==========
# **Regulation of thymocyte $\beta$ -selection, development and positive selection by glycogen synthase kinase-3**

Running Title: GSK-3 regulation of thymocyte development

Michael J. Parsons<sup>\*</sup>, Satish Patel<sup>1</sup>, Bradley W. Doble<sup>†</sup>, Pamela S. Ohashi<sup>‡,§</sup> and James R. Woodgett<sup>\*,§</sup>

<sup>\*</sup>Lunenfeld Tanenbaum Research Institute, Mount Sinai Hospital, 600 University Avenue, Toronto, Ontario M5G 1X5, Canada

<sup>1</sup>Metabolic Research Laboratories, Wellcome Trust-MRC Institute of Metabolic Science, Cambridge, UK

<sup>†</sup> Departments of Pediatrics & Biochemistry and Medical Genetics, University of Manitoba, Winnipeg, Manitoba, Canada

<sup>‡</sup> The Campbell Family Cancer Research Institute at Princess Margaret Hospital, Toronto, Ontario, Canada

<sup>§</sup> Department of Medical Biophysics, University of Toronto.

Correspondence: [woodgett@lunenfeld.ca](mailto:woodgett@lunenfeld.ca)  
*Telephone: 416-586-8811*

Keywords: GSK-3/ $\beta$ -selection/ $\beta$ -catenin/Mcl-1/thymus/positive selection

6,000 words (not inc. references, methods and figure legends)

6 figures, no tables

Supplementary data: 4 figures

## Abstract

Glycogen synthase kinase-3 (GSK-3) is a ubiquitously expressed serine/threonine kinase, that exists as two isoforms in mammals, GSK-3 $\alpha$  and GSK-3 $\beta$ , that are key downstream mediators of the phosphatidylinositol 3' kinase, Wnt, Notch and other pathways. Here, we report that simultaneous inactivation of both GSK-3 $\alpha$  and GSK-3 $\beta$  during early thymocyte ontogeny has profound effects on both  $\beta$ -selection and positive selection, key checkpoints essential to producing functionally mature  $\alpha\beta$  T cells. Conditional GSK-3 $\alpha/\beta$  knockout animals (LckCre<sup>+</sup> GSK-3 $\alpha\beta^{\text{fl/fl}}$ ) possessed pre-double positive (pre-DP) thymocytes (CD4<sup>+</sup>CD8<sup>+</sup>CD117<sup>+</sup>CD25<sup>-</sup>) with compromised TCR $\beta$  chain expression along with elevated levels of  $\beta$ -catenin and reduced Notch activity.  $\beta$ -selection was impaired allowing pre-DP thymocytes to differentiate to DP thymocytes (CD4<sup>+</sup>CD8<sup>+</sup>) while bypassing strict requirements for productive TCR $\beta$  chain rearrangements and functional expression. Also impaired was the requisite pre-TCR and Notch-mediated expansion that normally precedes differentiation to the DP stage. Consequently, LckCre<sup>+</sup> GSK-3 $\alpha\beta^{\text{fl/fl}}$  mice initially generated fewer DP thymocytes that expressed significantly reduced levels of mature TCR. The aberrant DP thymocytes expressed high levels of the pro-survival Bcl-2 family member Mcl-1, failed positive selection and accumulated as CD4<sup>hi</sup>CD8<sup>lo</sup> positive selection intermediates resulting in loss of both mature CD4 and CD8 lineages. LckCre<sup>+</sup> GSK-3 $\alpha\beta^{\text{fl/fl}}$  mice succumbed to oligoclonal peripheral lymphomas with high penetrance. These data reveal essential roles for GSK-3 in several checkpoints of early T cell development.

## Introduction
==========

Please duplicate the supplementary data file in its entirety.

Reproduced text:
# **Regulation of thymocyte $\beta$ -selection, development and positive selection by glycogen synthase kinase-3**

Running Title: GSK-3 regulation of thymocyte development

Michael J. Parsons<sup>\*</sup>, Satish Patel<sup>1</sup>, Bradley W. Doble<sup>†</sup>, Pamela S. Ohashi<sup>‡,§</sup> and James R. Woodgett<sup>\*,§</sup>

<sup>\*</sup>Lunenfeld Tanenbaum Research Institute, Mount Sinai Hospital, 600 University Avenue, Toronto, Ontario M5G 1X5, Canada

<sup>1</sup>Metabolic Research Laboratories, Wellcome Trust-MRC Institute of Metabolic Science, Cambridge, UK

<sup>†</sup> Departments of Pediatrics & Biochemistry and Medical Genetics, University of Manitoba, Winnipeg, Manitoba, Canada

<sup>‡</sup> The Campbell Family Cancer Research Institute at Princess Margaret Hospital, Toronto, Ontario, Canada

<sup>§</sup> Department of Medical Biophysics, University of Toronto.

Correspondence: [woodgett@lunenfeld.ca](mailto:woodgett@lunenfeld.ca)  
*Telephone: 416-586-8811*

Keywords: GSK-3/ $\beta$ -selection/ $\beta$ -catenin/Mcl-1/thymus/positive selection

6,000 words (not inc. references, methods and figure legends)

6 figures, no tables

Supplementary data: 4 figures

## Abstract

Glycogen synthase kinase-3 (GSK-3) is a ubiquitously expressed serine/threonine kinase, that exists as two isoforms in mammals, GSK-3 $\alpha$  and GSK-3 $\beta$ , that are key downstream mediators of the phosphatidylinositol 3' kinase, Wnt, Notch and other pathways. Here, we report that simultaneous inactivation of both GSK-3 $\alpha$  and GSK-3 $\beta$  during early thymocyte ontogeny has profound effects on both  $\beta$ -selection and positive selection, key checkpoints essential to producing functionally mature  $\alpha\beta$  T cells. Conditional GSK-3 $\alpha/\beta$  knockout animals (LckCre<sup>+</sup> GSK-3 $\alpha\beta^{\text{fl/fl}}$ ) possessed pre-double positive (pre-DP) thymocytes (CD4<sup>+</sup>CD8<sup>+</sup>CD117<sup>+</sup>CD25<sup>-</sup>) with compromised TCR $\beta$  chain expression along with elevated levels of  $\beta$ -catenin and reduced Notch activity.  $\beta$ -selection was impaired allowing pre-DP thymocytes to differentiate to DP thymocytes (CD4<sup>+</sup>CD8<sup>+</sup>) while bypassing strict requirements for productive TCR $\beta$  chain rearrangements and functional expression. Also impaired was the requisite pre-TCR and Notch-mediated expansion that normally precedes differentiation to the DP stage. Consequently, LckCre<sup>+</sup> GSK-3 $\alpha\beta^{\text{fl/fl}}$  mice initially generated fewer DP thymocytes that expressed significantly reduced levels of mature TCR. The aberrant DP thymocytes expressed high levels of the pro-survival Bcl-2 family member Mcl-1, failed positive selection and accumulated as CD4<sup>hi</sup>CD8<sup>lo</sup> positive selection intermediates resulting in loss of both mature CD4 and CD8 lineages. LckCre<sup>+</sup> GSK-3 $\alpha\beta^{\text{fl/fl}}$  mice succumbed to oligoclonal peripheral lymphomas with high penetrance. These data reveal essential roles for GSK-3 in several checkpoints of early T cell development.

## Introduction